From Niranjan Rajadhyaksha's article in today's Livemint:
Indian public policy suffers from a well-known Gandhian bias, with a pious belief in rural development even though development patterns the world over show that countries have emerged out of poverty through urbanization. B.R. Ambedkar, who had a very direct experience of social oppression, had little patience with the glorification of village life: “The love of the intellectual Indian for the village community is of course infinite, if not pathetic… What is a village but a sink of localism, a den of ignorance, narrow mindedness and communalism?”
But what is less well known is that Ambedkar was a trained economist who argued in one of his earliest papers, written in 1918, that India needed to help people migrate from agriculture to industry: “A large agricultural population with the lowest proportion of land in actual cultivation means that a large part of the agricultural population is superfluous and idle…this labour when productively employed will cease to live by predation as it does today, and will not only earn its keep but will give us surplus; and more surplus means more capital. In short, strange as it may seem, industrialization of India is the soundest remedy for the agricultural problems of India”.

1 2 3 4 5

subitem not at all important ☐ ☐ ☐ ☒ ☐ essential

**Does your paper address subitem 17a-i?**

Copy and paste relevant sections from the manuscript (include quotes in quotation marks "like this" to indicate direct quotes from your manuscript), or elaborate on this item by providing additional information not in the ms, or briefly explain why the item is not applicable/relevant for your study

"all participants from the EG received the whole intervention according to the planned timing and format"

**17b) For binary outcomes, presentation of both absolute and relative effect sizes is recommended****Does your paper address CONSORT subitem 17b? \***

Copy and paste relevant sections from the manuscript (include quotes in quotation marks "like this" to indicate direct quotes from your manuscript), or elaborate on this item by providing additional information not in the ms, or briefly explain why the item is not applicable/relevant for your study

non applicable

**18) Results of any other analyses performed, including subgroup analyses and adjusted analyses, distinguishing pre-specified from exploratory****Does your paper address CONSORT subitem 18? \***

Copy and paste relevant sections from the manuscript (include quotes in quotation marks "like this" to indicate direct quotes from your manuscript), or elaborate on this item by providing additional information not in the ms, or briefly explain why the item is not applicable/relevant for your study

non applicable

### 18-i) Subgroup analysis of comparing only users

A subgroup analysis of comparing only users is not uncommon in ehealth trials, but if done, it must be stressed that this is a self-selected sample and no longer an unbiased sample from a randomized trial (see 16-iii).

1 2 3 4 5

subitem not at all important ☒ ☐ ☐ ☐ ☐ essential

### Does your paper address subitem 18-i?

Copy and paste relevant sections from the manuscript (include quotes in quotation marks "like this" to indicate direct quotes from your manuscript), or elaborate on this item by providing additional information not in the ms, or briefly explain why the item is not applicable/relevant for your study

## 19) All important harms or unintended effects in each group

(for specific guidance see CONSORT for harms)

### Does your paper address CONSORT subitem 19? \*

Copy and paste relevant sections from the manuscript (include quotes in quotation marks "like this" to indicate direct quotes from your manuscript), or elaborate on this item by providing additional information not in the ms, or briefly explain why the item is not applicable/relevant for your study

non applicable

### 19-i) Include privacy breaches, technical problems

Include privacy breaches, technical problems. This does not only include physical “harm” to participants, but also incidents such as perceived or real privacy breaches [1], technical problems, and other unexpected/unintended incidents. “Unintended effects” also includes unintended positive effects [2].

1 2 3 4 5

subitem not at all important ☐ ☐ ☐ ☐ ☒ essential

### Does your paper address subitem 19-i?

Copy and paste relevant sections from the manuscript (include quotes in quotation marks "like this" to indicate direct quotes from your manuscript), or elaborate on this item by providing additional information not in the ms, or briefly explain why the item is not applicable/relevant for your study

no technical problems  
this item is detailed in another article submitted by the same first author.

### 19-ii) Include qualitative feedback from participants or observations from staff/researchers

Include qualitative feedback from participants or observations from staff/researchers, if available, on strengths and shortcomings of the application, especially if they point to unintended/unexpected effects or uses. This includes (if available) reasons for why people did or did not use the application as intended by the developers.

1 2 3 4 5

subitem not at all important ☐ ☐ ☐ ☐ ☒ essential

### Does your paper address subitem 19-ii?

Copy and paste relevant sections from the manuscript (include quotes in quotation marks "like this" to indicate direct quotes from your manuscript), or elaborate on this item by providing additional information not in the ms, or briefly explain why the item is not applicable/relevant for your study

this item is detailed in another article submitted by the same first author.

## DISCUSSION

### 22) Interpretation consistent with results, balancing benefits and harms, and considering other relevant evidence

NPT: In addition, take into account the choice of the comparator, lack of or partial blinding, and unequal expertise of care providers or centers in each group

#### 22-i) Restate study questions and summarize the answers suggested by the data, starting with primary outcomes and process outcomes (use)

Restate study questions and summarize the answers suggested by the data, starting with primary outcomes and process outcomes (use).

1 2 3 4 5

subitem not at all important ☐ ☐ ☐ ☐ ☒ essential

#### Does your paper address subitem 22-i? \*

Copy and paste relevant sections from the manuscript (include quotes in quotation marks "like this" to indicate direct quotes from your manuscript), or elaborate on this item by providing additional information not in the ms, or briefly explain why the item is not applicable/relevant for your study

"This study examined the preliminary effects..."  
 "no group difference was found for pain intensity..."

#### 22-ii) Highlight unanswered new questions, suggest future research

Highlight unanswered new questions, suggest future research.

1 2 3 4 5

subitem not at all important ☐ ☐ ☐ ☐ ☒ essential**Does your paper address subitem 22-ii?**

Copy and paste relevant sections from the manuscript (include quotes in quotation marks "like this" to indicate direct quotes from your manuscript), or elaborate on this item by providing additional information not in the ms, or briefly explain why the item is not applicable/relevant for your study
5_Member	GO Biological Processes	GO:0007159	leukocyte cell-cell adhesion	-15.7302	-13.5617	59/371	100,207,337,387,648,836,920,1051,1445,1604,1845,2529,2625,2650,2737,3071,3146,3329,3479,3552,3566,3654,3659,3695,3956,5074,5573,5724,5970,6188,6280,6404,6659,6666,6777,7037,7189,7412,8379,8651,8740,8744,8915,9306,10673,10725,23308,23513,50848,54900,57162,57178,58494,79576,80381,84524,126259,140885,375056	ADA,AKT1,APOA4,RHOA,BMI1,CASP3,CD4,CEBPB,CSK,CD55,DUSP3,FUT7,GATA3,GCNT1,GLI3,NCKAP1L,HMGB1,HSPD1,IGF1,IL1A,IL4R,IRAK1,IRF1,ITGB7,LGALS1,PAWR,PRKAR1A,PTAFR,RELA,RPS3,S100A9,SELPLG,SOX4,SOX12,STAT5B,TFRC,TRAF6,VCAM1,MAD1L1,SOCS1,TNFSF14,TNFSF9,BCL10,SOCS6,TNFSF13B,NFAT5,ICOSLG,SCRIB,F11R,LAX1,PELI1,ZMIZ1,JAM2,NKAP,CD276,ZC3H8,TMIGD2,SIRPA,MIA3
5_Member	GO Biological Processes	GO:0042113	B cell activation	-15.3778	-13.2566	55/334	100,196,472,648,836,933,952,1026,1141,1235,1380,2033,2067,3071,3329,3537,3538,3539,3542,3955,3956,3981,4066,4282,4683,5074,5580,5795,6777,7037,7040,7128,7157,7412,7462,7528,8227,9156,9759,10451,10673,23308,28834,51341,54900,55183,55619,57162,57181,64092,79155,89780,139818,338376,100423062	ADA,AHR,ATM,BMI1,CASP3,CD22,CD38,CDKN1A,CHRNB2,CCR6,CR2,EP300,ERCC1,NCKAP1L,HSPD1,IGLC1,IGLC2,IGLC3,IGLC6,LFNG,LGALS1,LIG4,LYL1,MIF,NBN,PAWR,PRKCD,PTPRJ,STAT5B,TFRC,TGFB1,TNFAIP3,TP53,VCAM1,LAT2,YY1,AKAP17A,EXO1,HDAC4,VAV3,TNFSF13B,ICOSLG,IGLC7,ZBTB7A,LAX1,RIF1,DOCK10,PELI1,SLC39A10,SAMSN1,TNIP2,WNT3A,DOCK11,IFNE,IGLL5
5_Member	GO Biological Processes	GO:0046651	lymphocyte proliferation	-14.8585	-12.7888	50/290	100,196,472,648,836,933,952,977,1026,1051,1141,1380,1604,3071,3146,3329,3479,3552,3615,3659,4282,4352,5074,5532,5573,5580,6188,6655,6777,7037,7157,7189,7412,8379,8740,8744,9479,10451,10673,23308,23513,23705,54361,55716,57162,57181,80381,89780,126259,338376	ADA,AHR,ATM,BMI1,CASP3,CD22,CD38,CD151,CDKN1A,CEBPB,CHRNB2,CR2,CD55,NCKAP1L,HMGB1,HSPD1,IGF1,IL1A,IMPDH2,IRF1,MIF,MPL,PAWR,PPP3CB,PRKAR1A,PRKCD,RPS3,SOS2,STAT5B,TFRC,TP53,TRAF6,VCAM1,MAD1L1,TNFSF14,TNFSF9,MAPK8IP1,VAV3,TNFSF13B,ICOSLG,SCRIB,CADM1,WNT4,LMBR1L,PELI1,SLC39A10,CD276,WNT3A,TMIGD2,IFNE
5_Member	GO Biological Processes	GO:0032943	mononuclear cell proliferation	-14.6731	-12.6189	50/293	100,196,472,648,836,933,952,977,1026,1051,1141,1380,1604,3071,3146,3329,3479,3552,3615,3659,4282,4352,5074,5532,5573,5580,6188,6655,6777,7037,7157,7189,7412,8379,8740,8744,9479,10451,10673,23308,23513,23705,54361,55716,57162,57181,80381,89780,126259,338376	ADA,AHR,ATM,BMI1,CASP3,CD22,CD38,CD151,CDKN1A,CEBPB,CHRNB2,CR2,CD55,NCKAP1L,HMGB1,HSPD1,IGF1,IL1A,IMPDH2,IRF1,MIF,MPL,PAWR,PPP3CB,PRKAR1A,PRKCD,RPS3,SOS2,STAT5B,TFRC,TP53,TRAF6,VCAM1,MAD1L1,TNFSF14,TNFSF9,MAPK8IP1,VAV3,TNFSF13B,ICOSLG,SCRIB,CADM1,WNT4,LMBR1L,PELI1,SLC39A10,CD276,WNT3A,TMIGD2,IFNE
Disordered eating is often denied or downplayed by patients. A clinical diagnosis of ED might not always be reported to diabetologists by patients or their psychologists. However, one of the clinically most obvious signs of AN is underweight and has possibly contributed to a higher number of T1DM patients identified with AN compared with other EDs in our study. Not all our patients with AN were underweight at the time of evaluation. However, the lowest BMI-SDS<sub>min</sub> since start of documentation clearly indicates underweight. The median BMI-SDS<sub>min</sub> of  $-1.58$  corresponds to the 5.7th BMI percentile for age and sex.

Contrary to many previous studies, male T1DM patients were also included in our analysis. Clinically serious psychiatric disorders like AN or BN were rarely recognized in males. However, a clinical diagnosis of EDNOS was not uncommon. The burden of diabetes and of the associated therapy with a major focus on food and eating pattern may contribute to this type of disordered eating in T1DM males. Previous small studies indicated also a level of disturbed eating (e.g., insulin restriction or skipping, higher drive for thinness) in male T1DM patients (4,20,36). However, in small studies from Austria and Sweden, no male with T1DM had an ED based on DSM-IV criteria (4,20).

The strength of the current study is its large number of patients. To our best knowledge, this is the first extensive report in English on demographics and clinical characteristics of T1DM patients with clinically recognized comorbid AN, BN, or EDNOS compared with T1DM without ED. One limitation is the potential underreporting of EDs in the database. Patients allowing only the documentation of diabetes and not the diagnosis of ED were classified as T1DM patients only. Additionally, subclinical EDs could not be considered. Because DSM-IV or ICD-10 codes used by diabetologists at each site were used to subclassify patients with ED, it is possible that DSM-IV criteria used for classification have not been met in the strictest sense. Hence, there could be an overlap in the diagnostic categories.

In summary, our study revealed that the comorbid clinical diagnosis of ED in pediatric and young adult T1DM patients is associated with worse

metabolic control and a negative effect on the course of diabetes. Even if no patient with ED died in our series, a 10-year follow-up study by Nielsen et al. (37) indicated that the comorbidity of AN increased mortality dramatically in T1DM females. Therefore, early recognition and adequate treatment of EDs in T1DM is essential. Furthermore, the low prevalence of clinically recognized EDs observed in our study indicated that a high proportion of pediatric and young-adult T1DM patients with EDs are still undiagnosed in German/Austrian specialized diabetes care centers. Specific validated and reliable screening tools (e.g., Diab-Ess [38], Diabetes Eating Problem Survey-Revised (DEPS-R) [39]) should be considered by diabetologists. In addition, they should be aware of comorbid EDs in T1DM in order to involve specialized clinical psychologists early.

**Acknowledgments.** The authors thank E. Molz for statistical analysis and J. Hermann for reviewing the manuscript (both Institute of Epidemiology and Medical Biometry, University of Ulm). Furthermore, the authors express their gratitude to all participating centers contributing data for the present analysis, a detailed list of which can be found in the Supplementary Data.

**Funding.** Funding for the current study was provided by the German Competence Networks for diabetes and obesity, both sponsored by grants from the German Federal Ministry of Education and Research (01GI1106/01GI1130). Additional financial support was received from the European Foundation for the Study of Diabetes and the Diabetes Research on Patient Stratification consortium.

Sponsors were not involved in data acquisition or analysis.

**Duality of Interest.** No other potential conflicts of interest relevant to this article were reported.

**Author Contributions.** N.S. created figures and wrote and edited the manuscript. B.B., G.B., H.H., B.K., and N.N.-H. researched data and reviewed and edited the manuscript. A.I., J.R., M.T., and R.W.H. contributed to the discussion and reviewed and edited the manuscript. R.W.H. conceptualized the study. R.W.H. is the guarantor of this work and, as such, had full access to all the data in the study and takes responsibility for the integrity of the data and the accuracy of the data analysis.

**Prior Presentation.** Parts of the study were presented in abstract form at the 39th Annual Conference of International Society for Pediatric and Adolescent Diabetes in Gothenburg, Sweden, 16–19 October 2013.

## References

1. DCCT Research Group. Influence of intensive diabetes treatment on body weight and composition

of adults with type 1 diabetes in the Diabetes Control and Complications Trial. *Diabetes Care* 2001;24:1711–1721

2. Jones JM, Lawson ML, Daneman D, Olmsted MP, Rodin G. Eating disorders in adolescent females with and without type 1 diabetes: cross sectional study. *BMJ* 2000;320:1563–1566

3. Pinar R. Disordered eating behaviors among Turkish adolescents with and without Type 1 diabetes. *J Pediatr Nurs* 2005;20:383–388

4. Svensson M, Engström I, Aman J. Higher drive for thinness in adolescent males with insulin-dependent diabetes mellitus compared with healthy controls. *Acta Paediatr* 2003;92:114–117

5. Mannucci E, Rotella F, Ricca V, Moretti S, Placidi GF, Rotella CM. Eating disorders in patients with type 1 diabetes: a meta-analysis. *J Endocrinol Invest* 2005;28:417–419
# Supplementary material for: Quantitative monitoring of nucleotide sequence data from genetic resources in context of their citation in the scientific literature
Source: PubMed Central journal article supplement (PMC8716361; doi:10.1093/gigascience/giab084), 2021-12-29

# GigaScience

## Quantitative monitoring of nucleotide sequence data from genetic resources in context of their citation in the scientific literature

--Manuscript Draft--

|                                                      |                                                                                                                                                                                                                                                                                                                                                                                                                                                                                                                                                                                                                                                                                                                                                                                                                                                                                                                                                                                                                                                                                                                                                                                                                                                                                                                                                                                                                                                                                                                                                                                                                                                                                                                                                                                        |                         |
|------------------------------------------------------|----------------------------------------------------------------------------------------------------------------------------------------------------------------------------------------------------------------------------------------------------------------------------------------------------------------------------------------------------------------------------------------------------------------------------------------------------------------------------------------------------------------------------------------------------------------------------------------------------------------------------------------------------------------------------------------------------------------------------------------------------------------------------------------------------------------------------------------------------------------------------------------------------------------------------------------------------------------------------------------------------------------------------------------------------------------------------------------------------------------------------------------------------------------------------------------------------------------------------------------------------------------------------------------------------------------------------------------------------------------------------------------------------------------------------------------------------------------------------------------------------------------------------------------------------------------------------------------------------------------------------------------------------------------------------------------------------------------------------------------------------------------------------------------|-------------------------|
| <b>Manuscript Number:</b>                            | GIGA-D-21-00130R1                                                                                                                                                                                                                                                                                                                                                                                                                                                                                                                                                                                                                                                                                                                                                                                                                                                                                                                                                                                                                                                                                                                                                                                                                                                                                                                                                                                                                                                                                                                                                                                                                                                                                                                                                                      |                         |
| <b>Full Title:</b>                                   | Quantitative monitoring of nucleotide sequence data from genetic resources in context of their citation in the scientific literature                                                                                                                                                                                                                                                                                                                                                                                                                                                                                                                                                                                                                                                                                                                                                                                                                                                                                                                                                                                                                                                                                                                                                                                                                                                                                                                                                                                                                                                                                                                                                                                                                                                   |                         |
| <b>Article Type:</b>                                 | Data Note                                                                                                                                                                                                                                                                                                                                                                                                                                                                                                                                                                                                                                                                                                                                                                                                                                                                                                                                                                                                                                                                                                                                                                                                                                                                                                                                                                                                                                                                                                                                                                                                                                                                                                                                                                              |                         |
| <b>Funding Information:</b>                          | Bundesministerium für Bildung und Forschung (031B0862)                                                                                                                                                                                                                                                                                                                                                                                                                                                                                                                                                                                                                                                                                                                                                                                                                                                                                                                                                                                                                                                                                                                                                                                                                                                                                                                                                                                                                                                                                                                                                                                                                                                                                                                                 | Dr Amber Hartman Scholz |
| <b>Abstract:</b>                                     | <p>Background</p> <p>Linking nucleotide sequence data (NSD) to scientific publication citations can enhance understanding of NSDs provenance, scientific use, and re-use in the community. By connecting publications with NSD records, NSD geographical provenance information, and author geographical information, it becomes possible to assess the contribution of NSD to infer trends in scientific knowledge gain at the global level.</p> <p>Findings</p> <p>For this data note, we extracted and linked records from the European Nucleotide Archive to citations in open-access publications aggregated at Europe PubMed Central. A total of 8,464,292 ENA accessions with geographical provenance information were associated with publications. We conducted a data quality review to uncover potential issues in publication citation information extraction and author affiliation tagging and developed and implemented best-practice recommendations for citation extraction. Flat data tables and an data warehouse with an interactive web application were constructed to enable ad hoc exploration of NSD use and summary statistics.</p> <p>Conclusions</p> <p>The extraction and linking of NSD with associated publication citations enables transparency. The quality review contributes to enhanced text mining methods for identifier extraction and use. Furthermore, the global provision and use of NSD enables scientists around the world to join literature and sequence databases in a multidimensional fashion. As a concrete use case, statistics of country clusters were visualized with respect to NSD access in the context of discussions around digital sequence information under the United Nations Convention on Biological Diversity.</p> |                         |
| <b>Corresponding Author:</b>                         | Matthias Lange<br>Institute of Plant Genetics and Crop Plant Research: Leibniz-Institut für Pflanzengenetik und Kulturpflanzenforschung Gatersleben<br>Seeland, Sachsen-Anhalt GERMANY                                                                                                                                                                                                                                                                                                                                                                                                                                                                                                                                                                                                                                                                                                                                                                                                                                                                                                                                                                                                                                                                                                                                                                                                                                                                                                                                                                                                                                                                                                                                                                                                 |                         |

There has been a robust debate in India on the relative merits of the Gandhian versus Ambedkarite visions on the direction the country should take in the future. The varying demographic trends in modern India—especially the rapid decline in rural population growth in some states—could create disagreements in the political system that in some ways echo the old debates on a rural versus urban future.